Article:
For example, the construction materials production facilities have been built from scratch in recent years by the Russian LSR group, controlled by A. Molchanov. Kyiv, on the other hand, constantly urges the West to use the sanctions lists compiled by Ukraine, which are more extensive than any other lists at the moment.
Small group stayed abroad
Finally, the third group, very small at that, includes entrepreneurs who have decided not to return to Russia, even though they own large businesses in the country. Among them, not surprisingly, are the owners of Alfa Group, M. Fridman and P. Aven. Several years ago, Forbes called Alfa to be the most ‘internationalised’ Russian financial group, based on the extremely high share of foreign assets in the total wealth of its beneficiaries.
For various reasons, some people are quite openly living outside Russia, among them O. Tinkoff, the founder and former owner of Tinkoff Bank, G. Volozh, a major shareholder in Yandex, and A. Mamut, owner of a diversified asset portfolio (we can also add A. Usmanov, who has now settled in Tashkent). Some businessmen, including Yu. Milner and N. Storonsky, have even renounced their Russian citizenship.
Many of these businessmen are under Western sanctions, and they are all striving to challenge sanctions decisions and have been involved in ongoing litigation with the European authorities, attempting to prove their non-involvement in Russian aggression (which the Kremlin is unlikely to be enthusiastic about). Notably, even though many oligarchs have returned to Russia, more than 60 people are suing the European authorities over the personal sanctions that have been imposed on them, and, according to European lawyers, many of these lawsuits are not hopeless.
Pyotr Aven, founder of Alfa Bank
According to rough estimates, entrepreneurs who accounted for less than 10% of the assets cumulatively controlled by Russian billionaires when the war started in Ukraine, have physically left Russia for the long term over the course of 2022. This is because in a country not based on the rule of law, property becomes the foundation of serfdom rather than freedom: having spent years building business empires, people become hostages to them, and are prepared to go to great lengths to preserve what they have accumulated. The Kremlin is now brilliantly using this lever to defeat even the most unshakable tenets of economic liberalism in its policies.
Moreover, the sanctions policy pursued by Western countries cannot be neglected as it has helped to ‘squeeze out’ the oligarchs back into Russia, and their assets have been massively re-registered from foreign jurisdictions to their homeland. The sanctions, based on how they were imposed, have helped to consolidate Russian business around the Kremlin and particularly punish those who, for many years, have sought to conform to Western standards of business transparency while they have not affected the ‘autochthonous’ Russian thugs who are also in substantial contradiction with the basic tenets of the Western legal system.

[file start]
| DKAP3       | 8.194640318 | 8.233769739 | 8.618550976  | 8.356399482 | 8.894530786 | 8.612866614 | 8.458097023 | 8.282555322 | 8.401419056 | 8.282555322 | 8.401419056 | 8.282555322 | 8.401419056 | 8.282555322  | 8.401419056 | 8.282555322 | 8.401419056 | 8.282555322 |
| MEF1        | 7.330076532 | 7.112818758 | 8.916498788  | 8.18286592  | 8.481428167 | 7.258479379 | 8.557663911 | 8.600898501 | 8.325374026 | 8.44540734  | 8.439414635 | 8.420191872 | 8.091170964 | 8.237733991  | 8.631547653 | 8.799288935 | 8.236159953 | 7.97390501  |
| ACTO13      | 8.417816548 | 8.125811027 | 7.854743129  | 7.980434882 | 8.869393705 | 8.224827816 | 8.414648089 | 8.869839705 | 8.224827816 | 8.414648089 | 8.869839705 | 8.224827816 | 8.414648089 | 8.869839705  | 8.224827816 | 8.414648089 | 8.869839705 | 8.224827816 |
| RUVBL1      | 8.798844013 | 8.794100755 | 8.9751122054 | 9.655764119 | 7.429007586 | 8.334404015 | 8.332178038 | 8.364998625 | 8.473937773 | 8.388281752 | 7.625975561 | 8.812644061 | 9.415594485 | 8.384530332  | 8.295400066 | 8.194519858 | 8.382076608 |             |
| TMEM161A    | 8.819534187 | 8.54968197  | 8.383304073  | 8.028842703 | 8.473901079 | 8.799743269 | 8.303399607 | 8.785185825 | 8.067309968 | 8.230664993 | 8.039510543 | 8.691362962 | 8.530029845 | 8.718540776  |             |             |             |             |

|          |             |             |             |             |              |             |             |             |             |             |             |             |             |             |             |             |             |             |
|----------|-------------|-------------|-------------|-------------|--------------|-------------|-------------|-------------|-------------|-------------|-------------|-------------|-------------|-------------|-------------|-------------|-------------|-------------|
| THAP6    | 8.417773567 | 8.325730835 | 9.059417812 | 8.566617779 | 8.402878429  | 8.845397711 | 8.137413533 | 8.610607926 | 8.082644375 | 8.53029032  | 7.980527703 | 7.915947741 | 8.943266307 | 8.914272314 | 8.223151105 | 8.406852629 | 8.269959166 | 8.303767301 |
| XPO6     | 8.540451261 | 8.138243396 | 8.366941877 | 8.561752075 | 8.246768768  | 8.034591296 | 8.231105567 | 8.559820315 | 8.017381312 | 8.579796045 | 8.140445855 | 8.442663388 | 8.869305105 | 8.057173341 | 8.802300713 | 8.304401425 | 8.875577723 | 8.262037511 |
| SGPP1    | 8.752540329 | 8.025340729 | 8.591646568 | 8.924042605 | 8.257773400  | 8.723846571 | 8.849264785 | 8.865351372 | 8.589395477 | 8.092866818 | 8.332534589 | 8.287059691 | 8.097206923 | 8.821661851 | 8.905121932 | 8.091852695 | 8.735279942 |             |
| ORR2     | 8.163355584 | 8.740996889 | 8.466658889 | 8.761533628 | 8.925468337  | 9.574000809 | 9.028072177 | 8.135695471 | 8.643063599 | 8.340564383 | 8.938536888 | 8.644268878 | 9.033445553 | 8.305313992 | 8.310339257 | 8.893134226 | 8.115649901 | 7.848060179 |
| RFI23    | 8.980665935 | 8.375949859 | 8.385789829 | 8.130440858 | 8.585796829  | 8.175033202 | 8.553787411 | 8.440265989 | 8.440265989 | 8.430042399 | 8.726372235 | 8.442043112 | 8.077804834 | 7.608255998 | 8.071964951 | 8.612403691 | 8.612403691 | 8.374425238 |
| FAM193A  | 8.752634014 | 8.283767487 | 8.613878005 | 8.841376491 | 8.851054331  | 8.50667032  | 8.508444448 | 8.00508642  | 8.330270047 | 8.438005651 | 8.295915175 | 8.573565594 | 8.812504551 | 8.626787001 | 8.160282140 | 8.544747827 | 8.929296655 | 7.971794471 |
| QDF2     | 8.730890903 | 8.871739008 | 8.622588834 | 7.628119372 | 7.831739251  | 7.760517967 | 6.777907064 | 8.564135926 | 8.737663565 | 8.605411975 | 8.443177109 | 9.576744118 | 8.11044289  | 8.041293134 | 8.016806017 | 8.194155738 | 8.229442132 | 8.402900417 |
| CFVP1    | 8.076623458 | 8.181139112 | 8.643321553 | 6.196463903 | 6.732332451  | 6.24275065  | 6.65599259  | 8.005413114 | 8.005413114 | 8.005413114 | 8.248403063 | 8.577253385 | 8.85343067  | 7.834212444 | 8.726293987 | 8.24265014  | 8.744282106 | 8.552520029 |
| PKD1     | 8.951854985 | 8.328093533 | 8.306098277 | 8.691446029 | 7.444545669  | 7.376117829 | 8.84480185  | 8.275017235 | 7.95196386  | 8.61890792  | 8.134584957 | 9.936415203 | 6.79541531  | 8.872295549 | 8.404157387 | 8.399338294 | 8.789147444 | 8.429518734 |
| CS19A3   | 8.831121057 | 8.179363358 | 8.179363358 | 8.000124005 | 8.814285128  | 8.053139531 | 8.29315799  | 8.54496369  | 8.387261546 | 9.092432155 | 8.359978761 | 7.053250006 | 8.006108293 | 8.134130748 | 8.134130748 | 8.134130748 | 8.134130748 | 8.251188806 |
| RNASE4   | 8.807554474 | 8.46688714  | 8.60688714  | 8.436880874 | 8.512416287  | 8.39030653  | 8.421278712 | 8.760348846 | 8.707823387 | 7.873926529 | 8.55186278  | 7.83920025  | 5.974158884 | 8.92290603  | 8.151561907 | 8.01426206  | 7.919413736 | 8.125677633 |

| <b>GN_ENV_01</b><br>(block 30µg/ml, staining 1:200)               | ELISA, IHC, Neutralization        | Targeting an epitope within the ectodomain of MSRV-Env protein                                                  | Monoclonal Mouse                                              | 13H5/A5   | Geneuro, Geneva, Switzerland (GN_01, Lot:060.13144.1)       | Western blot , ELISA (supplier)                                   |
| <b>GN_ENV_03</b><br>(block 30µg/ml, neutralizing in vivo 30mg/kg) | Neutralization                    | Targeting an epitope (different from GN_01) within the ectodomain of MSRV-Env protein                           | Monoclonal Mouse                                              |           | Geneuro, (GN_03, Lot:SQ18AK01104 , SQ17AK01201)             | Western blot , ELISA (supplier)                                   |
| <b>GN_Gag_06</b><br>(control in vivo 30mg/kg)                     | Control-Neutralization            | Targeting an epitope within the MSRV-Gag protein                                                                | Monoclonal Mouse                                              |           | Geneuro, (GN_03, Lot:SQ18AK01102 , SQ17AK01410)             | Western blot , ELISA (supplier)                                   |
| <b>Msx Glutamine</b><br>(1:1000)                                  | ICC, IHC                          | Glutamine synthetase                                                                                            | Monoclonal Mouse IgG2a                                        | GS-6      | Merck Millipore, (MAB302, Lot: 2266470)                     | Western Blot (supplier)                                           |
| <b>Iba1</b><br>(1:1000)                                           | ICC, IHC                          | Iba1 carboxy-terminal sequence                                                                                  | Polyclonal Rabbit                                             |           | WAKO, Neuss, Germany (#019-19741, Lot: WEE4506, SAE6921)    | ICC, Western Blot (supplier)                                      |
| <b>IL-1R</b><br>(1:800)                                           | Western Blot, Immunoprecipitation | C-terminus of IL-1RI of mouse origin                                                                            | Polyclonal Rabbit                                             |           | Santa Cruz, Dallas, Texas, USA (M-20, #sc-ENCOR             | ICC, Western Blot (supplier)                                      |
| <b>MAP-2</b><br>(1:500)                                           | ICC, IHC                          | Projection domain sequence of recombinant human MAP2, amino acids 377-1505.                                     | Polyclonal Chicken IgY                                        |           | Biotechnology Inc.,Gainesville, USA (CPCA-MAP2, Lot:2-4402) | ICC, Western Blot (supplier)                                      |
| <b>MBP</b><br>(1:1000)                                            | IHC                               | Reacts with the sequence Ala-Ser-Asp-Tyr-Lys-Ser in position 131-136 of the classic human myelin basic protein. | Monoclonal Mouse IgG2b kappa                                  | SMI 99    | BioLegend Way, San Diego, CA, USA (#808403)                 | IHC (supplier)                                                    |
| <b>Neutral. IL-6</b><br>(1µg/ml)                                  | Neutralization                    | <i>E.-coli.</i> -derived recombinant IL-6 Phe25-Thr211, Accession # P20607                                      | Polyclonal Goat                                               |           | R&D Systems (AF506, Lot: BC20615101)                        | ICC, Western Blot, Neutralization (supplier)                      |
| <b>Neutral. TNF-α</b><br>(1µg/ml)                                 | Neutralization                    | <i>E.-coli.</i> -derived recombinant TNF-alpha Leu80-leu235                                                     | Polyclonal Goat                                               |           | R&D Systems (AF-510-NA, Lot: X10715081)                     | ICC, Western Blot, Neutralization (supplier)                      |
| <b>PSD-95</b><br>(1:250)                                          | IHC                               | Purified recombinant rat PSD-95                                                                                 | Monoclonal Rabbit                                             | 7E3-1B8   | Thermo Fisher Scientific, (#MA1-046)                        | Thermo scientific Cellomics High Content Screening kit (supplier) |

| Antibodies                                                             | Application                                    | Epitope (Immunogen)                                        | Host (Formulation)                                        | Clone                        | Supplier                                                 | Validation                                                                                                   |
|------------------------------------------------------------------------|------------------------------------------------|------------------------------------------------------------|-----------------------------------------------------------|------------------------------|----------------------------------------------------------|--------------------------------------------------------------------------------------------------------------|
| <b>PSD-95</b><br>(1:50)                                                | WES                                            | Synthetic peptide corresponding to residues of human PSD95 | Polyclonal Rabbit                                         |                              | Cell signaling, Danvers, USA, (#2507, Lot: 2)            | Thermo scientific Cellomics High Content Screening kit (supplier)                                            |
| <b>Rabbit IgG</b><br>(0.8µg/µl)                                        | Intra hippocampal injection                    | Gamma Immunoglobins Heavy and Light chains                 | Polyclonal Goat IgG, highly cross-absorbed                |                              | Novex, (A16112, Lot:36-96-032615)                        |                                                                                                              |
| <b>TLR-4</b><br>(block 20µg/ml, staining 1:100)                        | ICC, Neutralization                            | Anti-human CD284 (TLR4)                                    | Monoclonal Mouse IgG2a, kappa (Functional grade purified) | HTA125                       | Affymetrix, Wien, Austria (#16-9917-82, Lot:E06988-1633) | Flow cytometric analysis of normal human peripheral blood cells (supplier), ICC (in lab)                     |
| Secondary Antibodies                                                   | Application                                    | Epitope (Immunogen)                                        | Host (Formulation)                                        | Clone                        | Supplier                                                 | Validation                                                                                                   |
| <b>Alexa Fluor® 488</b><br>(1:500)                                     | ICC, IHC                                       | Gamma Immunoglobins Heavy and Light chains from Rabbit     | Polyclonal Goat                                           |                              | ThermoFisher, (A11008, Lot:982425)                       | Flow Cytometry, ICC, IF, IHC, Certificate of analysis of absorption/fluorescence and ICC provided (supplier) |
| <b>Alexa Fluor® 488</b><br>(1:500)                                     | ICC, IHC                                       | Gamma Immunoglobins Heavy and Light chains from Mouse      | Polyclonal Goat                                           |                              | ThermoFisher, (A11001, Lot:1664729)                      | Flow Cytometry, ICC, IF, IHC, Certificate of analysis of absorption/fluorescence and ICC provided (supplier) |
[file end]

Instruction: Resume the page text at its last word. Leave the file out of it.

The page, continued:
The rule of law is based on the assumption that the law must have universal validity, which is why sanctions against individual countries, industries and/or export and import positions are fully acceptable, while restrictive measures against specific individuals cannot be imposed except by court decision, with all the elements of adversarial prosecution and defence (in contrast, sanction measures are introduced by the executive branch of power, i.e. not even by parliaments).
In other words, I would venture to say that two voluntaristic systems have collided, oddly enough, in the field of personal sanctions against Russian entrepreneurs and the conflict resulted in the ‘repatriation’ of businesses into their original environment.
Regain political power
The last question that often comes up when assessing the fates of the Russian business elites is whether they might try to regain their long lost political power in Russia (after all, everyone remembers how entrepreneurs often rules to the Kremlin in the ‘turbulent 1990s’). I would say that despite demonstrating full loyalty to Vladimir Putin, large Russian businesses will never forgive him the ordeal that they had to undergo in recent years.
Huge efforts undertaken to ensure integration into the international business environment turned out to be in vain.The hopes that Russian assets could be protected by staying in Western jurisdictions have been dashed. At the moment, none of the big businessmen is ready to condemn Putin’s policy actively (it is noteworthy that O. Deripaska, M. Fridman and D. Melnichenko have criticised the war during its first weeks, while only O.Tinkov has spoken out against the aggression more consistently).
However, if the regime turns out to be unstable, it is doubtful whether business will be able to consolidate against the security forces (siloviki) and the turbo-patriots, and provide genuine support for politicians who are more tolerant of the outside world (whether Alexei Navalny or others).
In other words, the business world could give a push to the pendulum which has been moving Russia between isolationism and openness to the world for almost two centuries by swinging it towards a new collaboration with the West. And, obviously, this will not happen tomorrow.
This article was first published by Riddle Russia